Brie Larson is sick of being interviewed by ‘white dudes’

The ‘Captain Marvel’ star is campaigning for more diversity in the press pool. Will it work?

Brie Larson, star of the upcoming Captain Marvel, has always seemed like a good egg. Since securing grade-A status after winning an Oscar for Room, she has worked for survivors of sexual assault and has become an active force in the Times Up movement.

Now she’s making efforts to increase diversity in the press pool.

“About a year ago, I started paying attention to what my press days looked like and the critics reviewing movies, and noticed it appeared to be overwhelmingly white male,” she said.

With this in mind, Larson personally selected Keah Brown – a woman of colour with cerebral palsy – as her interviewer for a Marie Claire feature. Brown noted that: "Nobody usually wants to take a chance on a disabled journalist."


Larson made a rigorous attempt to confirm that her eyes weren’t deceiving her. There really did seem to be a bias towards the male and the pale.

"I spoke to Dr Stacy Smith at the USC Annenberg Inclusion Initiative, who put together a study to confirm that," she said. "Moving forward, I decided to make sure my press days were more inclusive."

It will be interesting to see what effect she can have on the make-up of the busy Captain Marvel junkets. Such operations function on the same scale as the D-Day landings. Several floors of a luxury hotel are given over to videographers, make-up people, caterers, holding rooms and even space for the odd print journalist.

I do not have any technical data to compare with that gathered by Dr Smith, but the demographics of such operations vary depending upon where you’re sitting. For such large commercial features, much of the energy is now directed towards shorter video slots – where a star is asked “tell me about your role” while sitting beside the poster – and those jobs do skew towards younger journalists and tend to be a little more diverse.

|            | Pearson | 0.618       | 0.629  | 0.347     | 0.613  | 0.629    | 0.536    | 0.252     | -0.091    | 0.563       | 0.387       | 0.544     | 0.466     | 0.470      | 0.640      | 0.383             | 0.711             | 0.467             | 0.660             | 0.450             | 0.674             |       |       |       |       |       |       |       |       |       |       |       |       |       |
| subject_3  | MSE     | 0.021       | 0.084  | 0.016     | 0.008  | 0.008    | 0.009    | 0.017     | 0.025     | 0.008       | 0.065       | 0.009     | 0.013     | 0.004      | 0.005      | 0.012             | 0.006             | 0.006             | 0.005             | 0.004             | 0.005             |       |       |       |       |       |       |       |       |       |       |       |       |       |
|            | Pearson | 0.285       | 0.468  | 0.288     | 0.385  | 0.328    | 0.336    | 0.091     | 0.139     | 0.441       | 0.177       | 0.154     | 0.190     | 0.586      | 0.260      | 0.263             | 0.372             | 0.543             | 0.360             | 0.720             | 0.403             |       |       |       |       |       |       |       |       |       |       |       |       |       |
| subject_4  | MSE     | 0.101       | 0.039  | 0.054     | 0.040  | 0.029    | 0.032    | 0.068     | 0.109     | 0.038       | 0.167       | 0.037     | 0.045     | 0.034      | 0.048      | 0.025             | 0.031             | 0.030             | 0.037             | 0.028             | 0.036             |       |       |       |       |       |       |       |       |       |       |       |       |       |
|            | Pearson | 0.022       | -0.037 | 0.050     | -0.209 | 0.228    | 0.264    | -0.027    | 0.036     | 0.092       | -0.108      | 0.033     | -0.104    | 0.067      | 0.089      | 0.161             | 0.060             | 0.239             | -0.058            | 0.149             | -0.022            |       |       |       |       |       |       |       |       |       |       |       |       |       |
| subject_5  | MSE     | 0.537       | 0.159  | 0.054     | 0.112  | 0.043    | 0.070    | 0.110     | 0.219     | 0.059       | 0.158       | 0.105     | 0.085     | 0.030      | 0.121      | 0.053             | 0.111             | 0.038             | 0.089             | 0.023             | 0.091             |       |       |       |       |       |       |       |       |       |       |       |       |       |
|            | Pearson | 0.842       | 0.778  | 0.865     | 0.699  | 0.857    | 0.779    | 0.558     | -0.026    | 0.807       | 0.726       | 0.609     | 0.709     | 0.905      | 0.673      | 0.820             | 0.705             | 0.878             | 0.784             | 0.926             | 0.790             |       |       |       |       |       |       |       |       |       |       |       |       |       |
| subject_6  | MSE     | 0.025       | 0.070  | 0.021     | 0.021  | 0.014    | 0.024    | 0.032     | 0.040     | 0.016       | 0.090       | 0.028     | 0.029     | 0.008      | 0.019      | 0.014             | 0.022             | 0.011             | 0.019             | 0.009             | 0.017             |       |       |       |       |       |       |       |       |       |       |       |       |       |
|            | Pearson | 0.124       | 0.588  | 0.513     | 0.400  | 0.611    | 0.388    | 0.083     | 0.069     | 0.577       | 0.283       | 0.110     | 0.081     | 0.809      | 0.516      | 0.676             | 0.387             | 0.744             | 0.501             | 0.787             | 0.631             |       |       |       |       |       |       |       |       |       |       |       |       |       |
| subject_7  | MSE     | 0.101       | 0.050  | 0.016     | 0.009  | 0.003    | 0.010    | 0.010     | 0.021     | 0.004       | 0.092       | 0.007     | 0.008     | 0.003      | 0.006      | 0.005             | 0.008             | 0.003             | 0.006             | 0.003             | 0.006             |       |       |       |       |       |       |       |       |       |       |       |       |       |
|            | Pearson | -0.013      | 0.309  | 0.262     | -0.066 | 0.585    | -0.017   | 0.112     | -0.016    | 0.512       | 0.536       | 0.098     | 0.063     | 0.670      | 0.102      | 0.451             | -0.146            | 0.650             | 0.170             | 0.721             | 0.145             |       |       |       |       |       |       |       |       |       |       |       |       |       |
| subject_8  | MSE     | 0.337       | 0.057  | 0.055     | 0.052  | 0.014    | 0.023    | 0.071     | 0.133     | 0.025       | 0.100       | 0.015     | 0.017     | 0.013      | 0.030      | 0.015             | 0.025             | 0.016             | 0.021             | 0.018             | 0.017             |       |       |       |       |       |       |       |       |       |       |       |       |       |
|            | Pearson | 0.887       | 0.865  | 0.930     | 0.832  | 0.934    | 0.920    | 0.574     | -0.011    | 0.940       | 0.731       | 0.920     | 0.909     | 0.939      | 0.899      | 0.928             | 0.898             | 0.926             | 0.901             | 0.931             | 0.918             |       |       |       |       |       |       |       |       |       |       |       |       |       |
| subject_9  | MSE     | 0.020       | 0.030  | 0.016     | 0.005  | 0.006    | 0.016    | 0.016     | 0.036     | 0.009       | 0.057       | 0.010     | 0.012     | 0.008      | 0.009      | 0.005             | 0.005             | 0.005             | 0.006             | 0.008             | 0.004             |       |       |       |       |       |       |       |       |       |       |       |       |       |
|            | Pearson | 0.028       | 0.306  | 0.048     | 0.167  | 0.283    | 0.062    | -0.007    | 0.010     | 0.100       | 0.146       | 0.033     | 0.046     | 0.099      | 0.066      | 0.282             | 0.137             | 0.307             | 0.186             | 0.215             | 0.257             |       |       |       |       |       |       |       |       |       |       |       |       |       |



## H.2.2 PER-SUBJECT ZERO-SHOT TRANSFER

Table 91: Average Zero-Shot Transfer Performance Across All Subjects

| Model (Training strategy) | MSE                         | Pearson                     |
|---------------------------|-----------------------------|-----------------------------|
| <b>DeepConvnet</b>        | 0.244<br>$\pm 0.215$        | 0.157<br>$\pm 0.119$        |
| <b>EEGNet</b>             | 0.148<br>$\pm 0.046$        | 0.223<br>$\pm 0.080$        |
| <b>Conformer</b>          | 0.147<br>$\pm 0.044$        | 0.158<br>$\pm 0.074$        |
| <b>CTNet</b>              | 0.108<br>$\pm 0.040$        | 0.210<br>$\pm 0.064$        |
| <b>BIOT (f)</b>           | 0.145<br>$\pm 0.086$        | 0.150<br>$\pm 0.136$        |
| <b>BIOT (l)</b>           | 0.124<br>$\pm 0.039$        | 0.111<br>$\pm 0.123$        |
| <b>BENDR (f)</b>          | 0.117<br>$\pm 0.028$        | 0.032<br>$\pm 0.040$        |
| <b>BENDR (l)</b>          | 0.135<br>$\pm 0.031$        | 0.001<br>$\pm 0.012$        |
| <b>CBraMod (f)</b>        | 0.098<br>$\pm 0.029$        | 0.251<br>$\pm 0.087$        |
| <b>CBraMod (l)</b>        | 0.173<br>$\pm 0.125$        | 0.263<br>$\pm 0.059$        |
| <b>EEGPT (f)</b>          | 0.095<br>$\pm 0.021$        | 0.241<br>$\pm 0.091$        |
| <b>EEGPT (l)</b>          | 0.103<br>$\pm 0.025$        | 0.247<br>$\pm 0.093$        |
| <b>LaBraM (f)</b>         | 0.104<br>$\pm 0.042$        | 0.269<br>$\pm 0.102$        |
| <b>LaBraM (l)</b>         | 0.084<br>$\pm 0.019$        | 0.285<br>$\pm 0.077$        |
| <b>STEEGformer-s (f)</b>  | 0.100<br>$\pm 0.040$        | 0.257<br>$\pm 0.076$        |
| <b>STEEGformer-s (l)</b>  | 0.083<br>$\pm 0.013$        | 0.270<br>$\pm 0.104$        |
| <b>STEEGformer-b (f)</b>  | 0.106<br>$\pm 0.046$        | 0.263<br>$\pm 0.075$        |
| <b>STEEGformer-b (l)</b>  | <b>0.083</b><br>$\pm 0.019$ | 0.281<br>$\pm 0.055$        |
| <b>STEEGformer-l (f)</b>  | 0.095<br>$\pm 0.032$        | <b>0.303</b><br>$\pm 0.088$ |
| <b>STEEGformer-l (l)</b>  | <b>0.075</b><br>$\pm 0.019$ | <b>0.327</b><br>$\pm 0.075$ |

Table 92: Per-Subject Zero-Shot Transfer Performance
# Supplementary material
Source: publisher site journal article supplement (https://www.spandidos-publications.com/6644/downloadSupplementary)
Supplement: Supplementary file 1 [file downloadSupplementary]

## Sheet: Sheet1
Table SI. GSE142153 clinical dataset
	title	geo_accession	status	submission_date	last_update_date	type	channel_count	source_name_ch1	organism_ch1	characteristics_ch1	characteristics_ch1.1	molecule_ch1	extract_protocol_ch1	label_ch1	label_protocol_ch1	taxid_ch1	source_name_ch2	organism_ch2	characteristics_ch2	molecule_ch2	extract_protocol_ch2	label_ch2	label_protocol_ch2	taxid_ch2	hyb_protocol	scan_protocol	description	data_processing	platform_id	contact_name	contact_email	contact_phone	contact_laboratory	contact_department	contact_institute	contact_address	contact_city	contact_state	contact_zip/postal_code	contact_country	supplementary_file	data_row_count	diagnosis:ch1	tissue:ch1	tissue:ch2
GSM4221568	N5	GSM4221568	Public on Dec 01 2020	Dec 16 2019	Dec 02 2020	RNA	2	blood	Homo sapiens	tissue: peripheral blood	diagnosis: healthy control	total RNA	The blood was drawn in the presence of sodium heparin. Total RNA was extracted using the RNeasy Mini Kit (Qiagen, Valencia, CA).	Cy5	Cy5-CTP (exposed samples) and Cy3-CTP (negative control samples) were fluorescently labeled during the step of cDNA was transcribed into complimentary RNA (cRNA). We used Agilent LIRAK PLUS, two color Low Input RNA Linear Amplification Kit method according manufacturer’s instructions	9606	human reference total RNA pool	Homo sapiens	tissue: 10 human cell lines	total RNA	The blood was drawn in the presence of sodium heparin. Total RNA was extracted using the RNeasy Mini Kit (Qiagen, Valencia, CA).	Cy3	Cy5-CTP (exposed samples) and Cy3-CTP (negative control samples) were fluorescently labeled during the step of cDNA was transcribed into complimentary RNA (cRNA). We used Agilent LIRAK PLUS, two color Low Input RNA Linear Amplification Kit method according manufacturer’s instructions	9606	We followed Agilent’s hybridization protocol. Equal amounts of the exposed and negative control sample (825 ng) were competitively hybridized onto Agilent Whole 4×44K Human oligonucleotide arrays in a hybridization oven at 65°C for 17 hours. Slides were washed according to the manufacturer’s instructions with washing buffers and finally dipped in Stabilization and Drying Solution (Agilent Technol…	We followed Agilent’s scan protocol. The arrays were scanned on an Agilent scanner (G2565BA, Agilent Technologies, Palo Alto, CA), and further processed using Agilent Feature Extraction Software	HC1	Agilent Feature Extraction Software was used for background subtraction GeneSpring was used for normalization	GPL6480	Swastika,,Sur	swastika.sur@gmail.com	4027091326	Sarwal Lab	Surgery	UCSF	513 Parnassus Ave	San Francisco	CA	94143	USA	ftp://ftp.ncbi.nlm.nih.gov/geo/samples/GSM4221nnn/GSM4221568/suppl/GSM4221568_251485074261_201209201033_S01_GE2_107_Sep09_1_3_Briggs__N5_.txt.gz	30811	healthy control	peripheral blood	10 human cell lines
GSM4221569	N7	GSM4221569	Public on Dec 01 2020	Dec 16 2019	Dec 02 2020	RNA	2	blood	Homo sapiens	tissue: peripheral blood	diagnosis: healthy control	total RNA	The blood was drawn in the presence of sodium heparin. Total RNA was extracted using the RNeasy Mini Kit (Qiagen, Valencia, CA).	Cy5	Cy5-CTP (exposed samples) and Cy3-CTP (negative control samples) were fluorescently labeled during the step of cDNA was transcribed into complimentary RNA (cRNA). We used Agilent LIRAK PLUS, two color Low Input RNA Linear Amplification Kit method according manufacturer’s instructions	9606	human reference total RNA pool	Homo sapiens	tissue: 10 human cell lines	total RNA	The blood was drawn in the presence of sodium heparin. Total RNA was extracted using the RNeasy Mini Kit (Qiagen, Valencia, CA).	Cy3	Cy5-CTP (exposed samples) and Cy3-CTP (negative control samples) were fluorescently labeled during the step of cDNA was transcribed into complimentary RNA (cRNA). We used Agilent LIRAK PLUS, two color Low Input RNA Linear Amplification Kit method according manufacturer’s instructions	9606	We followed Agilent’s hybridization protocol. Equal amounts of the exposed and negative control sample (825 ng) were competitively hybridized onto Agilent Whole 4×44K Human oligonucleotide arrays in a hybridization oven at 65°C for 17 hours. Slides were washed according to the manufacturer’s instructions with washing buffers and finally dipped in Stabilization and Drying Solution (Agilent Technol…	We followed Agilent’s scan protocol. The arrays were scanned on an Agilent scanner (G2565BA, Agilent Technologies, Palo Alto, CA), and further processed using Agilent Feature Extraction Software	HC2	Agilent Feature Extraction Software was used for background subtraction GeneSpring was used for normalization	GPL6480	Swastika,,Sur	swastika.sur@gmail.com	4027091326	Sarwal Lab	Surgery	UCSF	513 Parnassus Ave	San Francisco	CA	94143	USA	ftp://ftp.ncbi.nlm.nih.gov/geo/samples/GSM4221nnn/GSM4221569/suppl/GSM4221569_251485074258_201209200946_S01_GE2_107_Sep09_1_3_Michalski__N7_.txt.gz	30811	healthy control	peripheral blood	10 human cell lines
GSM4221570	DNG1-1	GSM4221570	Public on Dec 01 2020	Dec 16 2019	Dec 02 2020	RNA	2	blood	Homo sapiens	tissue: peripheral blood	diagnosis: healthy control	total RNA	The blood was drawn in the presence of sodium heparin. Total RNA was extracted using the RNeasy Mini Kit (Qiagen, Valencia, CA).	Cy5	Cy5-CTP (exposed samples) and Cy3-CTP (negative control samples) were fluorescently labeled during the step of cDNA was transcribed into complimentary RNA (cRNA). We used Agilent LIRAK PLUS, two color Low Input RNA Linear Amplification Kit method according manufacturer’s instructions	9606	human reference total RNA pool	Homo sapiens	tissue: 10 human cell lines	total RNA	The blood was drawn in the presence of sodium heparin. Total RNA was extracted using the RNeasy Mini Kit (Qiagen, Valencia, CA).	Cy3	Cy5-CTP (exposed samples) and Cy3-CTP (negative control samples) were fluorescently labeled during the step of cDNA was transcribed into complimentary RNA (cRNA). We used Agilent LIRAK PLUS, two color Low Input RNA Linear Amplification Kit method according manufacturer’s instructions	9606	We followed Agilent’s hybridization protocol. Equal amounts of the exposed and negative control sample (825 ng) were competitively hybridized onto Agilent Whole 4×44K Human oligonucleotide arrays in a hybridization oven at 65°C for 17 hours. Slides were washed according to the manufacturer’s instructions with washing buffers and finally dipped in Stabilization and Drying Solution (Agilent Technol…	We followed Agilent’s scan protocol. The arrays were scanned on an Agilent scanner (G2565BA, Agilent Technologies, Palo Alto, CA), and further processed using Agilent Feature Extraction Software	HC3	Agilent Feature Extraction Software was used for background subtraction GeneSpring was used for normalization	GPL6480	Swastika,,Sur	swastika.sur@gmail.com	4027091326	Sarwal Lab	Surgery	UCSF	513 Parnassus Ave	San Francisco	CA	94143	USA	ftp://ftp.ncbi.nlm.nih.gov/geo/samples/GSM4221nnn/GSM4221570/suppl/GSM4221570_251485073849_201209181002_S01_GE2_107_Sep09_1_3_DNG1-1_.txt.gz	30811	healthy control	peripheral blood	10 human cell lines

Longer print interviews tend to go to older journalists.

Then again, a female-oriented magazine such as Marie Claire will usually send a woman for such a job. (A quick, unscientific search on the magazine's website found women writing the first 10 interviews that appeared.)

There is almost certainly a bias towards men in those interviews carried out for big serious newspapers. Larson is quite correct to point out that journalists with disabilities are conspicuous by their absence in all categories.

As Larson has noted before, a larger bias occurs in the area of film criticism. Last year she caused some commotion by implying that the mixed reviews for Ava DuVernay's A Wrinkle in Time had something to do with the age and race of the reviewers.

"I don't need a 40-year-old white dude to tell me what didn't work about A Wrinkle in Time," Larson said. "It wasn't made for him! I want to know what it meant to women of colour, biracial women, to teen women of colour."

As a few veteran female critics politely pointed out, maniacs on the internet have long been telling them that they shouldn’t be reviewing comic-book films because they “weren’t made for them”.

But Larson's more general point is undeniable. A terrifying survey last year confirmed that around 78 percent of film criticism was by men in the US (we politely note that it's 50-50 in The Irish Times). The situation for racial minorities was no better.

There are issues with Larson’s approach. Most periodicals are wary of allowing an actor to demand a specific interviewer for a profile. Such arrangements do nothing to promote disinterested questioning.

Her efforts to increase diversity are nonetheless welcome. "This could be my form of activism: doing a film that can play all over the world and be in more places than I can be physically," she said of Captain Marvel.

There are worse ways of flogging superheroes.